Meet the Beetles
They’re non-native insects imported from Asia. They are detrimental to the structure of Ash Trees, and they’ve become widespread across the United States. They’re the Emerald Ash Borers (EAB), and they need to be stopped.
Eric Foley of Maier Tree & Lawn states that EAB were first found in Minnesota in 2013 and have since destroyed an alarming number of our trees. They have been recently spotted in counties of Southeastern Minnesota. The first U.S. sighting was in Detroit back in 2002. Since then, they have managed to spread east all the way out to Pennsylvania and as far west as Colorado. Because Minnesota is home to over 1 billion Ash Trees—more than any other state, our trees are at a very high risk for infestation.
The adult beetles are quite harmless to the tree; in fact, they just feed on the leaves of the tree. The problem lies within the larvae. Upon hatching, they begin tunneling into the bark, which subsequently cuts off the tree’s water and nutrients. Adults feed the most during the summer, while larvae are most active in the fall and winter.
Ash Trees alone make up a significant portion—about 35 percent—of all the trees in urban communities. “In order to successfully replace what is lost to EAB, trees of several different species must be planted in the given area,” Foley said. “By using this proactive approach, further tree loss can be more effectively prevented,” he added.
Foley says that once a tree becomes infested, it’s not necessarily doomed. If it is recognized early enough, the tree can be preserved. However, there is quite a lengthy, ongoing process involved with preventative and treatment measures. An arborist must first take an inventory of the existing Ash Trees before assessing their location and condition. Next, they determine which trees are worth preserving based on the tree’s structure and location, keeping in mind that not all trees are worth saving. Trees that are suitable for preservation will receive an injection into the trunk, which gets spread throughout the tree via the vascular system. The dosage is based on the size of the tree, and it kills insects that attempt to feed on the tree for the following 2 years.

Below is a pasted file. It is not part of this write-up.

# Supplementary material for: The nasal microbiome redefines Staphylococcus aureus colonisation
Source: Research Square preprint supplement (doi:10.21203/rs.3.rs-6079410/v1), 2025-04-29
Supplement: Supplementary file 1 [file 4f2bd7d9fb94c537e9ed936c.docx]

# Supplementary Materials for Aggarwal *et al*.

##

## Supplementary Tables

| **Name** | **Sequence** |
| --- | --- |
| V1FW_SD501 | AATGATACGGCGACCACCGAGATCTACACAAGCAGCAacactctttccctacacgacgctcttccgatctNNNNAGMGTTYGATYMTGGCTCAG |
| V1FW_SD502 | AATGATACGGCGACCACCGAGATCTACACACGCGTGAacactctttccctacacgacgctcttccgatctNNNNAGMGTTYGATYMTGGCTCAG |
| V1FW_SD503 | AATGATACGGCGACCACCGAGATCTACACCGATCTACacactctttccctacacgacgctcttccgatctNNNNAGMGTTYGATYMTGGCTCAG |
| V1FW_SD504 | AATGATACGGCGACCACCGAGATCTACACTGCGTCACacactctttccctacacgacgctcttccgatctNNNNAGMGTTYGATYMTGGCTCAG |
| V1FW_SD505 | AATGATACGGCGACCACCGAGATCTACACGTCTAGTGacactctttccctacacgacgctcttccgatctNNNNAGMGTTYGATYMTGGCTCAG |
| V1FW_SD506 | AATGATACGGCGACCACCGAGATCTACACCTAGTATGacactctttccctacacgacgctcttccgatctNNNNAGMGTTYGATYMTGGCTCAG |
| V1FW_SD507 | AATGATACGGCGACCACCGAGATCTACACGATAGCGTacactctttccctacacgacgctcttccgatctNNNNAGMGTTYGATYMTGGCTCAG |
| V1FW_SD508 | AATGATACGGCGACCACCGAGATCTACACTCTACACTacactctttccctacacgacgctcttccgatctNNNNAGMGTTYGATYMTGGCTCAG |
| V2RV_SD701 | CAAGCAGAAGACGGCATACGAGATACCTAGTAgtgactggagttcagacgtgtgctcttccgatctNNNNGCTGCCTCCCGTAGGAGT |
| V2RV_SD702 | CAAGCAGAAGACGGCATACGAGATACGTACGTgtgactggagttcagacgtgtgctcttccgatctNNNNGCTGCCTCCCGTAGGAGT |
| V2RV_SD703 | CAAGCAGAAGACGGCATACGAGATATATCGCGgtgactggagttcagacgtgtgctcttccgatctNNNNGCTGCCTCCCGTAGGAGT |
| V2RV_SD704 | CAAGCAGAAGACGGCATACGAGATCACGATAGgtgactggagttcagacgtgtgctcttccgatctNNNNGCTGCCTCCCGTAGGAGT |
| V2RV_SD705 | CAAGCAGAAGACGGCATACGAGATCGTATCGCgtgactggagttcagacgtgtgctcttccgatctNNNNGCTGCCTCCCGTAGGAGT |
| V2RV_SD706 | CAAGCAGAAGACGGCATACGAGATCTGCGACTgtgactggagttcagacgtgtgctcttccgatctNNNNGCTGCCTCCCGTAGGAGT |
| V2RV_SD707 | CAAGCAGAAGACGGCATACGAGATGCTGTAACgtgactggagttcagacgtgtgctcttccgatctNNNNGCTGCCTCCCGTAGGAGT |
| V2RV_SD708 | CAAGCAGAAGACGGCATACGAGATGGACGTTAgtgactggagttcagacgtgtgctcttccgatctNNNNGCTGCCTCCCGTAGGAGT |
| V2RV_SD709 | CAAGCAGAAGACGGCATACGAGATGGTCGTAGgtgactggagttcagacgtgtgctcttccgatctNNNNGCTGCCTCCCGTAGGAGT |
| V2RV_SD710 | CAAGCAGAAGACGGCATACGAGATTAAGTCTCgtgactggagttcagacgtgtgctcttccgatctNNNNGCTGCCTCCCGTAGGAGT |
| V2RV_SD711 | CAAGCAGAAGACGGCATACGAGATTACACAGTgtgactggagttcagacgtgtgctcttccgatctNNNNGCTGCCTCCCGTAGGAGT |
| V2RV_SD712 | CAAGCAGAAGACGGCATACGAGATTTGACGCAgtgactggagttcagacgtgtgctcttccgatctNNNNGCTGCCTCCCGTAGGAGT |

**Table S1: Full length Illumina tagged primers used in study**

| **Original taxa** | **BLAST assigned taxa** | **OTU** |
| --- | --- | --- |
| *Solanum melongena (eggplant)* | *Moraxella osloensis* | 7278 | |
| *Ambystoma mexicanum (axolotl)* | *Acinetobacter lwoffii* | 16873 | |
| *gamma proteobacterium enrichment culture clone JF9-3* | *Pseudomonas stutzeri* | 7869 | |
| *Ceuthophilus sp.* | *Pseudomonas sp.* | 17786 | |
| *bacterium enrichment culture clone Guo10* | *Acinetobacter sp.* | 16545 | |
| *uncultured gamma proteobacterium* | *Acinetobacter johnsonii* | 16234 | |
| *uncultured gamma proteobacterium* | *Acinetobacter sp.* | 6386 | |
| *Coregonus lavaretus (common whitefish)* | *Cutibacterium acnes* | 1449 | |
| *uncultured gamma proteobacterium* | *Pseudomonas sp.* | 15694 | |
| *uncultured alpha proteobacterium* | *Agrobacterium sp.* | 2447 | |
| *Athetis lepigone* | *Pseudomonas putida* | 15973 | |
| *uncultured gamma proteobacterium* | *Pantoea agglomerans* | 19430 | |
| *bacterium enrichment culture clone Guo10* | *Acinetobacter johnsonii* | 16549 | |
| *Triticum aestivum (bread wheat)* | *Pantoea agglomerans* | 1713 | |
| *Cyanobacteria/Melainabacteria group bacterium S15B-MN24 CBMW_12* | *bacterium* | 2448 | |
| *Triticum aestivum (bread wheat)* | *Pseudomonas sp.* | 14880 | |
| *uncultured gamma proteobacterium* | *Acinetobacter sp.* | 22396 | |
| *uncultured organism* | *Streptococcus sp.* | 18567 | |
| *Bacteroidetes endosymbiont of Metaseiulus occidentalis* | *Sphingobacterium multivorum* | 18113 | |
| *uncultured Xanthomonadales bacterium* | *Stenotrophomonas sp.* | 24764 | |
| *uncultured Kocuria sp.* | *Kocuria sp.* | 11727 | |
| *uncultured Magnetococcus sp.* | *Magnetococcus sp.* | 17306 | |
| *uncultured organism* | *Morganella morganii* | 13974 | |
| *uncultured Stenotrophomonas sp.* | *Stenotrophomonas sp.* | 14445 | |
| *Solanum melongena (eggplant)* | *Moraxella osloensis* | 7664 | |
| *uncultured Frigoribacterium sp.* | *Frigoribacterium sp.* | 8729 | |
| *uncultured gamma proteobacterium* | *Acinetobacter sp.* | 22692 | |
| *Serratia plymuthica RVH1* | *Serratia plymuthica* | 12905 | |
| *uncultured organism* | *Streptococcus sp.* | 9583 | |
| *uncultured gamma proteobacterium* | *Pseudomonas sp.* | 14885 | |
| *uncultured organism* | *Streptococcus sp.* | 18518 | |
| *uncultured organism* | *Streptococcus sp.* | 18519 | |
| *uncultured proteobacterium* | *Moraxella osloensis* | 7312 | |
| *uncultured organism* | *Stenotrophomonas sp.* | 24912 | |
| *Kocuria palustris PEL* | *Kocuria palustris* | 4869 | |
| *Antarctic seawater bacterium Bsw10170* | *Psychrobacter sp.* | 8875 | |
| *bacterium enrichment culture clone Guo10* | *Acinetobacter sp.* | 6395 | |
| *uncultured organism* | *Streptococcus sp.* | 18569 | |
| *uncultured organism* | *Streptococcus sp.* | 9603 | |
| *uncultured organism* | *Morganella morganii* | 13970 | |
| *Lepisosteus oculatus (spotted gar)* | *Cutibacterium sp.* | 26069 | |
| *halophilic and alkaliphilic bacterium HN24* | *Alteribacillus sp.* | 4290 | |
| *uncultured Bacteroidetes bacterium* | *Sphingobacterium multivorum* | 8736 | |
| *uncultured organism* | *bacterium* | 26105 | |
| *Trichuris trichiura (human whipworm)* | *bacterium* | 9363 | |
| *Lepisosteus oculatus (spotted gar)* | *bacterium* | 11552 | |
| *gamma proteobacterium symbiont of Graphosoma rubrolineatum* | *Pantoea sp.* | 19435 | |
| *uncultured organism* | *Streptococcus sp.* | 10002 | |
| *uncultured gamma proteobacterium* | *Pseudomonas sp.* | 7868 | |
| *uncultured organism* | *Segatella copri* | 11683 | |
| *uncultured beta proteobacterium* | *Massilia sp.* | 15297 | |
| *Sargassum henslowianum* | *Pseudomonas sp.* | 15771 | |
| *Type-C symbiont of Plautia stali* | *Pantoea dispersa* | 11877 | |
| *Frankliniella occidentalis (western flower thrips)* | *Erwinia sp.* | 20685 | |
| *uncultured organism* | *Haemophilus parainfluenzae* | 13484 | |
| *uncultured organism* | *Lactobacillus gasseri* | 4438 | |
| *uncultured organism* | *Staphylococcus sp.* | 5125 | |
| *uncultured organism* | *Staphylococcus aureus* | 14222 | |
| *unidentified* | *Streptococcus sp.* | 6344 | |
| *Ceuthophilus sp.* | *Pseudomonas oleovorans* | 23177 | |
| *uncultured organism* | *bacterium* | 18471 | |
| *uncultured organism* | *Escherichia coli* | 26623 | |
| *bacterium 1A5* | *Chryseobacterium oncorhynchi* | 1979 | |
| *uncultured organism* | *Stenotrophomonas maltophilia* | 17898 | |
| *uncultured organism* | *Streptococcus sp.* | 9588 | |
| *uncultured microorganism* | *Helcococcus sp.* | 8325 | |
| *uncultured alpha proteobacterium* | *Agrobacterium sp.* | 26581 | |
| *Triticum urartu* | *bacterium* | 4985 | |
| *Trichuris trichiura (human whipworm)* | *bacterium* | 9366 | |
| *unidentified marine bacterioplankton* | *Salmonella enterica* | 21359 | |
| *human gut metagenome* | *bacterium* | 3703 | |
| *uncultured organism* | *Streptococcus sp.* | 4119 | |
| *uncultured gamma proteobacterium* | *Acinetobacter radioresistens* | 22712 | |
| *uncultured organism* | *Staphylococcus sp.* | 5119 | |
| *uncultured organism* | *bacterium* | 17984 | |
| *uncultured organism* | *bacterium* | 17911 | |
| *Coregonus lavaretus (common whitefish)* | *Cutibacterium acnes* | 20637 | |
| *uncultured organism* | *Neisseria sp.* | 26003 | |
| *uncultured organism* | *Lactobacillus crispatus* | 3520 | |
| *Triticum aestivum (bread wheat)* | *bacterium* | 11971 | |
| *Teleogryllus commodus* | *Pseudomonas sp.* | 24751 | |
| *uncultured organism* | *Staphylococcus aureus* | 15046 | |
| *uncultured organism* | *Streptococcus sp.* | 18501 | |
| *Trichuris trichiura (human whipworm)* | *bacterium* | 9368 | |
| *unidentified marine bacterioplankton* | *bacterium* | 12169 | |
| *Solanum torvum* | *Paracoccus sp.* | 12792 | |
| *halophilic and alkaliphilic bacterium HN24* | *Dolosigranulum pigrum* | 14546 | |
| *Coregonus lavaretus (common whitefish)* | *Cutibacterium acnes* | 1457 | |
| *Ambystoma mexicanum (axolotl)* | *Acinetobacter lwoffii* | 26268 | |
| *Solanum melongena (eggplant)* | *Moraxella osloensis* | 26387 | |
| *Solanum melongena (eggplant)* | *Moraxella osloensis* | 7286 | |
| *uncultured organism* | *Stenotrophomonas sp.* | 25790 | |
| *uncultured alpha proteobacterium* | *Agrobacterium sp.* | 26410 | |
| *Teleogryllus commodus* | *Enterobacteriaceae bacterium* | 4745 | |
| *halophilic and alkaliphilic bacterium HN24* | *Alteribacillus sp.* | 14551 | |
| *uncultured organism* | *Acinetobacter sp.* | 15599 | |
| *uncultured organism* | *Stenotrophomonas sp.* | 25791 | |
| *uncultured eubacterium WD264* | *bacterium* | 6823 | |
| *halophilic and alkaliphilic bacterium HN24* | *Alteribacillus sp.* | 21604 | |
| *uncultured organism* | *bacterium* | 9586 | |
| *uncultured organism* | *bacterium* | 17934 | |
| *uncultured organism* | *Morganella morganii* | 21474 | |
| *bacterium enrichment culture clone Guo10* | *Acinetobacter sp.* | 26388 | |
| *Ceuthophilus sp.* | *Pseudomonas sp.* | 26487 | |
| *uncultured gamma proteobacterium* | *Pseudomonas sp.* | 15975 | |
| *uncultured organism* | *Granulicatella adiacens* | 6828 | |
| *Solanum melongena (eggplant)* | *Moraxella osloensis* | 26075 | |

When the USDA confirms infestations in a given county, treatment begins right away. If you think your trees may be infested by EAB, you are encouraged to contact a local arborist, who can then investigate the trees on your property. Signs of EAB include D-shaped holes in the trunk, as well as a large increase in woodpecker activity. If the infestation is near ground-level, it is likely too late for treatment. Even so, seeking direction from an arborist in such cases could help prevent further infestation in other trees. “It is important to remember that it is an infestation, not an infection, so treating just one will not prevent others from becoming affected,” Foley says.
Hundreds of thousands of Ash Trees have already been wiped out by EAB; don’t let yours be next.